- The Washington Times - Wednesday, November 3, 2004

CHICAGO (AP) — For years, Leon Lim didn’t want to talk about what he saw in the killing fields of Cambodia. He wanted to focus on his new life in America, not the torture endured under the Khmer Rouge and the loved ones he lost.

Now, Mr. Lim and fellow survivors have a forum for helping heal their emotional scars, for preserving their past and for educating others of the atrocities that can be perpetrated by an unbridled communist regime.

That place is Chicago’s new Cambodian American Heritage Museum and Killing Fields Memorial, which the project’s organizers say is the only public memorial in the United States that honors victims of the Khmer Rouge.

“About 2 million people died — and it’s just too much,” said Mr. Lim, a former refugee camp medic.

Dary Mien’s starkest memory is being 6 years old and walking through rice fields littered with bodies.

“The Cambodian community has just been so silent about its pain. But when it comes to this museum, that reminds them of their sense of culture, identity — and perhaps there’s a way for us to connect better with each other,” said Miss Mien, associate director of the Cambodian Association of Illinois.

The association developed the museum and memorial, which opened last month, as a healing mechanism.

The museum is filled with items donated by survivors of the killing fields — everything from shackles used by the Khmer Rouge to Mr. Lim’s medical equipment to decades-old books of Buddhist teachings made with pressed palm leaves.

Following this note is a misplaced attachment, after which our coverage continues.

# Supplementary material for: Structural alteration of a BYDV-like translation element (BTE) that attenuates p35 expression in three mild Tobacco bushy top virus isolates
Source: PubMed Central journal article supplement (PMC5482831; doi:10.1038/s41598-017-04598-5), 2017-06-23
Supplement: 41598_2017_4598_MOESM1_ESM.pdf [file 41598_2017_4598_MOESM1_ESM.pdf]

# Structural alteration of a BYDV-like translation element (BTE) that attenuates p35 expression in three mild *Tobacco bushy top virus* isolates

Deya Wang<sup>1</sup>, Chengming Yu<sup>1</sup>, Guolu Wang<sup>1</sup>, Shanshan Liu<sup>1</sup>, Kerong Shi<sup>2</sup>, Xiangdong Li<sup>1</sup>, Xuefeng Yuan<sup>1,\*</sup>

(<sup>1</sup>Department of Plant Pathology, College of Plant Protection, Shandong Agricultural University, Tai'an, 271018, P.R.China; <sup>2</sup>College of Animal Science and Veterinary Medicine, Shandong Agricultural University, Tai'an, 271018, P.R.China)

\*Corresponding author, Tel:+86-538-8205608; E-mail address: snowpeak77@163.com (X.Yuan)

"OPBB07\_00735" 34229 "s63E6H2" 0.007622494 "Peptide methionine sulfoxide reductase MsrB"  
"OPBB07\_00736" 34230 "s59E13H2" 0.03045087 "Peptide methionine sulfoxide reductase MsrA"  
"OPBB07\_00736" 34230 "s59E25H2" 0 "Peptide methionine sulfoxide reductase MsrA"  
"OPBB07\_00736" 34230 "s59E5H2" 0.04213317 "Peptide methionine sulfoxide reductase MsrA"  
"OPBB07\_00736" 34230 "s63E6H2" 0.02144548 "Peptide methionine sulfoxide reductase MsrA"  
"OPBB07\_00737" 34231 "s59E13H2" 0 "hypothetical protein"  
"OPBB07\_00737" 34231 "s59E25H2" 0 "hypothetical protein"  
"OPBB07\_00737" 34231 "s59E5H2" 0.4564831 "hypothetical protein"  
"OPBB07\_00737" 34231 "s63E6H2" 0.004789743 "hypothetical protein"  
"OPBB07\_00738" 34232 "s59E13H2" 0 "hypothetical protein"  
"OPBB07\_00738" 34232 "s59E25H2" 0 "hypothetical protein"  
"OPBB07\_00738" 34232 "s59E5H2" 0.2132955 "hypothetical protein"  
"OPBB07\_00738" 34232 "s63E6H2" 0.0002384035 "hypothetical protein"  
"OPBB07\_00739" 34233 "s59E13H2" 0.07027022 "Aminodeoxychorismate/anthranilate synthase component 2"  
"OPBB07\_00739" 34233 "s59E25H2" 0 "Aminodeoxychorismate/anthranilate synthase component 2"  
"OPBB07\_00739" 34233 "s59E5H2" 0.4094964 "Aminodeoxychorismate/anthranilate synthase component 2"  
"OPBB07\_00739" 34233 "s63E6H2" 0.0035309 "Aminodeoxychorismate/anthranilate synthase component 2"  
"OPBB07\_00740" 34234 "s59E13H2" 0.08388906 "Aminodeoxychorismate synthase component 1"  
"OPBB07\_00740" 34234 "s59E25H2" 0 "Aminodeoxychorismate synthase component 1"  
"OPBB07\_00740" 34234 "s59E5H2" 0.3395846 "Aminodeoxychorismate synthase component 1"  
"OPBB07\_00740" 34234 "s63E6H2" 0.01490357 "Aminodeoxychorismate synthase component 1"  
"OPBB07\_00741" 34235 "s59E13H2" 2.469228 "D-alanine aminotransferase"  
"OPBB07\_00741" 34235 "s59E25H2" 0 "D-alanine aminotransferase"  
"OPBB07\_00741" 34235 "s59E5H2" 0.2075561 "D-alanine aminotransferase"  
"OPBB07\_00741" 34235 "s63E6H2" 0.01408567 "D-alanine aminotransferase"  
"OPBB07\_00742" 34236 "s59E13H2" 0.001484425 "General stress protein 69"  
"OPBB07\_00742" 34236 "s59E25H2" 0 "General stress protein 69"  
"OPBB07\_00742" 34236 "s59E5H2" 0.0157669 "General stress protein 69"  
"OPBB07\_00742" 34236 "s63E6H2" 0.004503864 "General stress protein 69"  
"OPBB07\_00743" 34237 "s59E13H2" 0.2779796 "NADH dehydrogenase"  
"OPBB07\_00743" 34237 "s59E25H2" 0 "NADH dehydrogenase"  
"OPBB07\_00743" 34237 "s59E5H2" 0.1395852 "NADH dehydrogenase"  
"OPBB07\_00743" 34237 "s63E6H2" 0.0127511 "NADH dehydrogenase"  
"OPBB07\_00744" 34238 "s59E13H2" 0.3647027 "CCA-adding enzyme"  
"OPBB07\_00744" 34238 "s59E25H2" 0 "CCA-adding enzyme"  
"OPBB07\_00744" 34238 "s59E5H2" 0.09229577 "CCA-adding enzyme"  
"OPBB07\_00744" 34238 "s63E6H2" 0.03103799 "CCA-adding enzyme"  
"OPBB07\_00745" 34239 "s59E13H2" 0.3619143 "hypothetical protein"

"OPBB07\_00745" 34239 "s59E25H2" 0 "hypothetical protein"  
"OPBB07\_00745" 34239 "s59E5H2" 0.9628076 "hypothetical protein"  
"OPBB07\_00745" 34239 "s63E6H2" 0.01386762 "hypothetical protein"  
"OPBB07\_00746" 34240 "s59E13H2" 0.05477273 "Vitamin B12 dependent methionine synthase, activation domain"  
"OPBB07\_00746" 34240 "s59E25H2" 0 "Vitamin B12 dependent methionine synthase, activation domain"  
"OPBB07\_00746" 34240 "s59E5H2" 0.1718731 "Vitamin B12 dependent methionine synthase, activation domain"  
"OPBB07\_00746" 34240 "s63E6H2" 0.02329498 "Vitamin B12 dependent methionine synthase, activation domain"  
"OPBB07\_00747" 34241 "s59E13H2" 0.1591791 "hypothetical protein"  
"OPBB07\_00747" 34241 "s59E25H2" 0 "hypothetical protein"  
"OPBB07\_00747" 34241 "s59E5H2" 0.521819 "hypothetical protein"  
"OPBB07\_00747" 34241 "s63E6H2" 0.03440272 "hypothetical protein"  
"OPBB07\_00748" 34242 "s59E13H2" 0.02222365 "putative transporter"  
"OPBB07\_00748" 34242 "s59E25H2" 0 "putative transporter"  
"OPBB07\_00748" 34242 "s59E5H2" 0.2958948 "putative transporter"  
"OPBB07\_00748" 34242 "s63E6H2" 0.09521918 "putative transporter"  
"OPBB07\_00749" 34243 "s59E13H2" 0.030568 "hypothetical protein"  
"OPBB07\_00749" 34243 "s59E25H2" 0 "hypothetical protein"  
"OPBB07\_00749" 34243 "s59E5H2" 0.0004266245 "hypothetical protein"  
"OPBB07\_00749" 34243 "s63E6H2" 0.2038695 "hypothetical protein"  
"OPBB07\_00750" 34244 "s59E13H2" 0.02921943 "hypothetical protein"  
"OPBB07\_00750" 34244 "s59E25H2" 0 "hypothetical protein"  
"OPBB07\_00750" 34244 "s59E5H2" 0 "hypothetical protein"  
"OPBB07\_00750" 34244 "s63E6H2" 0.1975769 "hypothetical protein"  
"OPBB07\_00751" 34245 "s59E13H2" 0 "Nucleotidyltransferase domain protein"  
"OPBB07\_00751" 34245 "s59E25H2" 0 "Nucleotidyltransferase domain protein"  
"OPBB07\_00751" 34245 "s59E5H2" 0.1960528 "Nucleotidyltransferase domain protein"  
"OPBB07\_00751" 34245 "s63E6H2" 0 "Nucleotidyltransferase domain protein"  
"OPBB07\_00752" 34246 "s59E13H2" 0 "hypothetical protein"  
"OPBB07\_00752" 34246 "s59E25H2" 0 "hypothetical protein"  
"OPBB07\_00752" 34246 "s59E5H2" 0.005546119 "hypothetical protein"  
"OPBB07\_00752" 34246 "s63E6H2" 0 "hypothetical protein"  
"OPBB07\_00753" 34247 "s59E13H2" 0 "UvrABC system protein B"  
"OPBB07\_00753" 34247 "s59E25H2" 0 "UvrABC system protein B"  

The glass memorial consists of 80 panes, each at least 6 feet tall, that represent those who died when the Khmer Rouge ruled in the late 1970s. Names of the dead are etched into the panes in the Khmer language.

Many in the Cambodian community, though, didn’t want the memorial built at first, organizers said.

“We are trying to bring up the past that speaks about a genocide that some feel should be forgotten,” Miss Mien said. “Their concern was that, ‘I don’t want to hear about it because it brings up such pain, and it’ll cause the community to be chaotic again.’”

It took patience and persistence, but Cambodian-Americans began to support the museum, said Kompha Seth, the association’s founder.

The Cambodian communist group began a large-scale insurgency in 1970 and overthrew the Cambodian government five years later. It evacuated cities, closed schools and factories, and forced the population into labor camps, where hundreds of thousands died from starvation, disease, overwork and execution.

Mr. Lim was a medical student in the capital of Phnom Penh at the time. On April 17, 1975, he was forced from his home and into a labor camp, where he stayed until 1979.

Then the Vietnamese invaded, essentially ending Khmer Rouge rule. Mr. Lim, his wife and her family walked for six weeks to the border with Thailand, and Mr. Lim spent the next three years in refugee camps working as a medic.

The family moved to the United States in 1981, and Mr. Lim now teaches at Northside College Preparatory High School.

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